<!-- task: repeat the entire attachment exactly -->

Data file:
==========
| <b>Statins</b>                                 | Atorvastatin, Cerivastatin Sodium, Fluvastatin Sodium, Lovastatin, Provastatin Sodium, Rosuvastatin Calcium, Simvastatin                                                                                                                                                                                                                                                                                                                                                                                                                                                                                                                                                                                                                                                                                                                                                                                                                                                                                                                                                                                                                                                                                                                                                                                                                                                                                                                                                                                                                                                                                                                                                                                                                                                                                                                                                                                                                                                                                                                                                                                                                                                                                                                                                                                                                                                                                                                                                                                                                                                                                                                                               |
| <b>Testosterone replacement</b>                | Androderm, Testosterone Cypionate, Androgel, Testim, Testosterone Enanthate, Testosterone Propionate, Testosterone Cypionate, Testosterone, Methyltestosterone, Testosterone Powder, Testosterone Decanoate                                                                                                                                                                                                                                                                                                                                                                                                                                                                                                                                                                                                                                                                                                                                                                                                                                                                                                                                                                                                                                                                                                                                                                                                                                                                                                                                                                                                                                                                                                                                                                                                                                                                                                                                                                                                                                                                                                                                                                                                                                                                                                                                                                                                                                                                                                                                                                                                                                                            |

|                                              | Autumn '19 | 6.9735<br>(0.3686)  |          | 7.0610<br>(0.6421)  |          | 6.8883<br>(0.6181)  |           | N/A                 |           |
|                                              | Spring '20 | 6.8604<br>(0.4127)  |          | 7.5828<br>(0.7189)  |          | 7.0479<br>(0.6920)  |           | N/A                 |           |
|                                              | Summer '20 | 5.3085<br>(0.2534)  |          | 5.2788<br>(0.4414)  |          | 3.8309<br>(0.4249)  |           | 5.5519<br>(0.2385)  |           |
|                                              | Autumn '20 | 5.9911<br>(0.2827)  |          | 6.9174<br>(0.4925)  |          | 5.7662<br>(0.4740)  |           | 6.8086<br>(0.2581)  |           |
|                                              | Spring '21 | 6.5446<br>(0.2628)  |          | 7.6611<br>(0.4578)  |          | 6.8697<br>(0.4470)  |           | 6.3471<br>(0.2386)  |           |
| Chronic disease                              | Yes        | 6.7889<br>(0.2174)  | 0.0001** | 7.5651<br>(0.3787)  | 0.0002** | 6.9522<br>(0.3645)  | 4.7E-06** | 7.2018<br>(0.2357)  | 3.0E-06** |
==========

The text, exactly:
| <b>Statins</b>                                 | Atorvastatin, Cerivastatin Sodium, Fluvastatin Sodium, Lovastatin, Provastatin Sodium, Rosuvastatin Calcium, Simvastatin                                                                                                                                                                                                                                                                                                                                                                                                                                                                                                                                                                                                                                                                                                                                                                                                                                                                                                                                                                                                                                                                                                                                                                                                                                                                                                                                                                                                                                                                                                                                                                                                                                                                                                                                                                                                                                                                                                                                                                                                                                                                                                                                                                                                                                                                                                                                                                                                                                                                                                                                               |
| <b>Testosterone replacement</b>                | Androderm, Testosterone Cypionate, Androgel, Testim, Testosterone Enanthate, Testosterone Propionate, Testosterone Cypionate, Testosterone, Methyltestosterone, Testosterone Powder, Testosterone Decanoate                                                                                                                                                                                                                                                                                                                                                                                                                                                                                                                                                                                                                                                                                                                                                                                                                                                                                                                                                                                                                                                                                                                                                                                                                                                                                                                                                                                                                                                                                                                                                                                                                                                                                                                                                                                                                                                                                                                                                                                                                                                                                                                                                                                                                                                                                                                                                                                                                                                            |

|                                              | Autumn '19 | 6.9735<br>(0.3686)  |          | 7.0610<br>(0.6421)  |          | 6.8883<br>(0.6181)  |           | N/A                 |           |
|                                              | Spring '20 | 6.8604<br>(0.4127)  |          | 7.5828<br>(0.7189)  |          | 7.0479<br>(0.6920)  |           | N/A                 |           |
|                                              | Summer '20 | 5.3085<br>(0.2534)  |          | 5.2788<br>(0.4414)  |          | 3.8309<br>(0.4249)  |           | 5.5519<br>(0.2385)  |           |
|                                              | Autumn '20 | 5.9911<br>(0.2827)  |          | 6.9174<br>(0.4925)  |          | 5.7662<br>(0.4740)  |           | 6.8086<br>(0.2581)  |           |
|                                              | Spring '21 | 6.5446<br>(0.2628)  |          | 7.6611<br>(0.4578)  |          | 6.8697<br>(0.4470)  |           | 6.3471<br>(0.2386)  |           |
| Chronic disease                              | Yes        | 6.7889<br>(0.2174)  | 0.0001** | 7.5651<br>(0.3787)  | 0.0002** | 6.9522<br>(0.3645)  | 4.7E-06** | 7.2018<br>(0.2357)  | 3.0E-06** |